3 Consequences of Carrying a Credit Card Balance

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Here's what could happen if you rack up credit card charges you can't pay off.

Americans owe a collective $807 billion on their credit cards. That's just one of many shocking statistics uncovered in a new research report by The Ascent. But on an individual level, that breaks down to an average credit card balance of $5,897.

If you're sitting on credit card debt, you might assume it's no big deal -- especially if you keep making your minimum payments. But here are some consequences to carrying a balance for a long time.

1. Obnoxiously high interest charges

Credit card issuers don't allow you to carry a balance out of the goodness of their hearts. Rather, they make money by charging you interest. And the longer you carry a balance, the more money they stand to make.

Imagine you owe $6,000 on a credit card that charges 18% interest. If it takes you five years to pay off that debt, you'll wind up losing $3,142 to interest. If you carry that balance for seven years, you'll be looking at $4,593 in interest. It's easy to forget about those charges when you're solely focused on making minimum payments. But don't fall victim to that trap -- unless, of course, you enjoy throwing your money away.

2. Credit score damage

Carrying a hefty credit card balance could damage your credit score, making it more difficult to borrow money when you need to. That's because a high enough balance could raise your credit utilization ratio, which measures the amount of revolving credit you're using at once.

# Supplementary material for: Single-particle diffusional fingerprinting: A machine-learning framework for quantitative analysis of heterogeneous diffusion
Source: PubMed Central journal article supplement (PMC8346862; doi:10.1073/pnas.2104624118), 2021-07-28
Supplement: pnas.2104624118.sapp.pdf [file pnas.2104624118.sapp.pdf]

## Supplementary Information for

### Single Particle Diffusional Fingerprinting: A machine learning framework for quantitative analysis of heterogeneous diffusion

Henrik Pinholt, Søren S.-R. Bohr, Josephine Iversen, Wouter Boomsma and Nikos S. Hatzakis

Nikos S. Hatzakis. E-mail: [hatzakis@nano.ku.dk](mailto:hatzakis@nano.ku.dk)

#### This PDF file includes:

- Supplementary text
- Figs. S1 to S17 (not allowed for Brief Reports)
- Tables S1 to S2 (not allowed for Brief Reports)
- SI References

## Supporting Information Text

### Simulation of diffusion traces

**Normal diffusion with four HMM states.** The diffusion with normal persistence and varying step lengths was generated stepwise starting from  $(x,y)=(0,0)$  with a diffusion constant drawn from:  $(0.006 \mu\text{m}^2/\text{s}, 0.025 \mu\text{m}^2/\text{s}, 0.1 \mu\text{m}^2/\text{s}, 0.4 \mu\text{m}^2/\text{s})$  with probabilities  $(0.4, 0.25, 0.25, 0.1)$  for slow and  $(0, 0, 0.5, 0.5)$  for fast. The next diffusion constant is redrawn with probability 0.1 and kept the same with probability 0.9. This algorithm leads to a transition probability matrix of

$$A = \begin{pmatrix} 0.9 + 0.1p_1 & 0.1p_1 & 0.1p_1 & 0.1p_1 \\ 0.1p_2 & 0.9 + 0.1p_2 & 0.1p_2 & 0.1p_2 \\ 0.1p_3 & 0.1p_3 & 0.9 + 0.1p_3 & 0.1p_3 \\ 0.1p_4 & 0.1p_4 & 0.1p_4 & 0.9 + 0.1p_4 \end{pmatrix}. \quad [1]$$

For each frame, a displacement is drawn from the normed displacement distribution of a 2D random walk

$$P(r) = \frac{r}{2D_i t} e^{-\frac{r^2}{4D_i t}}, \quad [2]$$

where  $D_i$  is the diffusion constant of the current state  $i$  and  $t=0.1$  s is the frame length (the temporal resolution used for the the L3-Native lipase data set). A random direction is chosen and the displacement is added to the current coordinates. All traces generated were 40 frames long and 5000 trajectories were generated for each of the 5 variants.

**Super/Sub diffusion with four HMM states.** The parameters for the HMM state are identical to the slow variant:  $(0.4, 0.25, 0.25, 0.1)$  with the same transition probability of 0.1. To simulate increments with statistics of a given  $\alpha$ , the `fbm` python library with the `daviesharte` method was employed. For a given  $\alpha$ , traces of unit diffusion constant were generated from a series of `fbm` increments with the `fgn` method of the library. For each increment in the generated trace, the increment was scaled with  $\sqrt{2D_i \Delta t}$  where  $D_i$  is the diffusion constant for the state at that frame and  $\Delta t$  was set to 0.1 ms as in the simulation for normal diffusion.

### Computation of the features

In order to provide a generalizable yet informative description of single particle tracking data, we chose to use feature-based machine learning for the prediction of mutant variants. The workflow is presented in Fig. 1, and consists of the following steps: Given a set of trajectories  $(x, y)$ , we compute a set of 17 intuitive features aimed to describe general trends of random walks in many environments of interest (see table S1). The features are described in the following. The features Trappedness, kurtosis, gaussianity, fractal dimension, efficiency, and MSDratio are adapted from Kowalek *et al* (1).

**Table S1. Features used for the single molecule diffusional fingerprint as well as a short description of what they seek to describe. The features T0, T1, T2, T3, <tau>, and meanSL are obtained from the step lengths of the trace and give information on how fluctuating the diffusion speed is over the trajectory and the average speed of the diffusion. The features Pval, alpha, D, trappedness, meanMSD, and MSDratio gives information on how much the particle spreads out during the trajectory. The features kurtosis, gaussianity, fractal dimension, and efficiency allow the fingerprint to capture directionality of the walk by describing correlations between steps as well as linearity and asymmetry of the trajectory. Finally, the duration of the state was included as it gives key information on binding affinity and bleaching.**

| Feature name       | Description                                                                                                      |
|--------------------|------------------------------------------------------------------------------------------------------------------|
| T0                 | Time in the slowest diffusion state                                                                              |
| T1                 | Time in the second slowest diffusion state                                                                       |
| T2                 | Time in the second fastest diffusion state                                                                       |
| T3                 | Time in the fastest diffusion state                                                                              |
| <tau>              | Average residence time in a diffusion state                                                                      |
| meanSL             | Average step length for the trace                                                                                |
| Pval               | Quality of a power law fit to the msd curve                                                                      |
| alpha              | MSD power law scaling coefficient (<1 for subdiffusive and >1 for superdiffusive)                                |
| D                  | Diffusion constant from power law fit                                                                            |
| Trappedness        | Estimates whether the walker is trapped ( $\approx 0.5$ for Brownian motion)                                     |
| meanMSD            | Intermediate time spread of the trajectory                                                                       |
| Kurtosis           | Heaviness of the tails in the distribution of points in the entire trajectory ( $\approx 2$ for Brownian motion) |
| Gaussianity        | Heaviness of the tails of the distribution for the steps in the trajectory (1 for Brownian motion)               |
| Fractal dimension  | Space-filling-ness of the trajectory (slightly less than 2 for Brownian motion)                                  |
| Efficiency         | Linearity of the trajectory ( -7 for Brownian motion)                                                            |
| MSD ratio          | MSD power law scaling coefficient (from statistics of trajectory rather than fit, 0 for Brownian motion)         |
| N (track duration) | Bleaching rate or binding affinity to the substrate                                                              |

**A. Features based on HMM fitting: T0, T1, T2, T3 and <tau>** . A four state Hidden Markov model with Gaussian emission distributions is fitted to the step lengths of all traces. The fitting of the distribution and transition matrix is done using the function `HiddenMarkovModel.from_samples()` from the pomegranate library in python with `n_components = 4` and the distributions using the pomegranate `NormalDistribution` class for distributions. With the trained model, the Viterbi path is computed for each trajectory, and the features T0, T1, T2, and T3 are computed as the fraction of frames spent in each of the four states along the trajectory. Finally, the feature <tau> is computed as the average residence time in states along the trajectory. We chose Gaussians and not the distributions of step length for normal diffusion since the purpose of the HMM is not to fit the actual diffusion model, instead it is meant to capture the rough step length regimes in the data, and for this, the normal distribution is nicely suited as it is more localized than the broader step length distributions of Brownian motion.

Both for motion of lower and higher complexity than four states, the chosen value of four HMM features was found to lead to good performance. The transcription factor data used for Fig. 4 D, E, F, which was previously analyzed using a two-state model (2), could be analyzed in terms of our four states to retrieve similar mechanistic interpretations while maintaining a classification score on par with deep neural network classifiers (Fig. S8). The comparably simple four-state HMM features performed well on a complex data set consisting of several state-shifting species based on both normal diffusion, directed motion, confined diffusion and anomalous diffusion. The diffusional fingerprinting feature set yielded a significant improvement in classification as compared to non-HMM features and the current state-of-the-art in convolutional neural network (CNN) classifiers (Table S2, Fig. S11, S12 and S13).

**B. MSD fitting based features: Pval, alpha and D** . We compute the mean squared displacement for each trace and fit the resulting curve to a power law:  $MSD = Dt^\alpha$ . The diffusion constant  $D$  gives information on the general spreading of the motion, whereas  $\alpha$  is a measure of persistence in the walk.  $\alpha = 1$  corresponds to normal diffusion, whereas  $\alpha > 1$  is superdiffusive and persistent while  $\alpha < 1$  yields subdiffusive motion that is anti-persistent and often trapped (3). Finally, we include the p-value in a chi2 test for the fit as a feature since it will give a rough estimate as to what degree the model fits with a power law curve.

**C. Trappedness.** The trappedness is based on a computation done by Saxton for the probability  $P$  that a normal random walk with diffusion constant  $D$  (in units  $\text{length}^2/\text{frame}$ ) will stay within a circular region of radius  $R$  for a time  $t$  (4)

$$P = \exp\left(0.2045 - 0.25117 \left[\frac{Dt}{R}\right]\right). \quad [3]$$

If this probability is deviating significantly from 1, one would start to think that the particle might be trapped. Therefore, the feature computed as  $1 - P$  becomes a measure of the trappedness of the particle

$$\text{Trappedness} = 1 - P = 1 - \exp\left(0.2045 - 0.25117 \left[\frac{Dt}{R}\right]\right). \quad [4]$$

To avoid credit score damage, your credit utilization ratio should not exceed 30%. This means if you have a total credit line of $10,000, you'd need to keep your balance to $3,000 or below. The problem, however, is the longer that debt goes unpaid, the more interest charges you rack up. These, in turn, raise that ratio -- which hurts your credit score.

3. Added stress

Being in debt is stressful. And too much stress could actually be harmful to your health. A credit card balance could be exceptionally devastating if you lose your job or your income takes a hit. It means you'll have yet another monthly bill to contend with.

Pay off that balance

If you're sitting on a credit card balance, coming up with an efficient payoff plan will help you shed that debt more quickly. To this end, see if you qualify for a balance transfer, where you move your various balances onto a new credit card with more favorable terms. Doing so could lower the interest rate you're paying on that debt -- especially if you snag a 0% introductory APR offer. Be aware that you may need to pay a balance transfer fee and, if possible, try to plan to pay the debt off before the end of the introductory period.

Another option is to take out a personal loan and use its proceeds to pay off your credit card(s). You'll then be able to pay off that new loan at a fixed rate over time. Personal loans usually charge a lot less interest, so it could be a more cost-effective way to whittle down that debt.

Racking up a credit card balance may not seem like a big deal, but it is. Keep that in mind the next time you whip out a credit card to charge an expense you know your paycheck can't cover.

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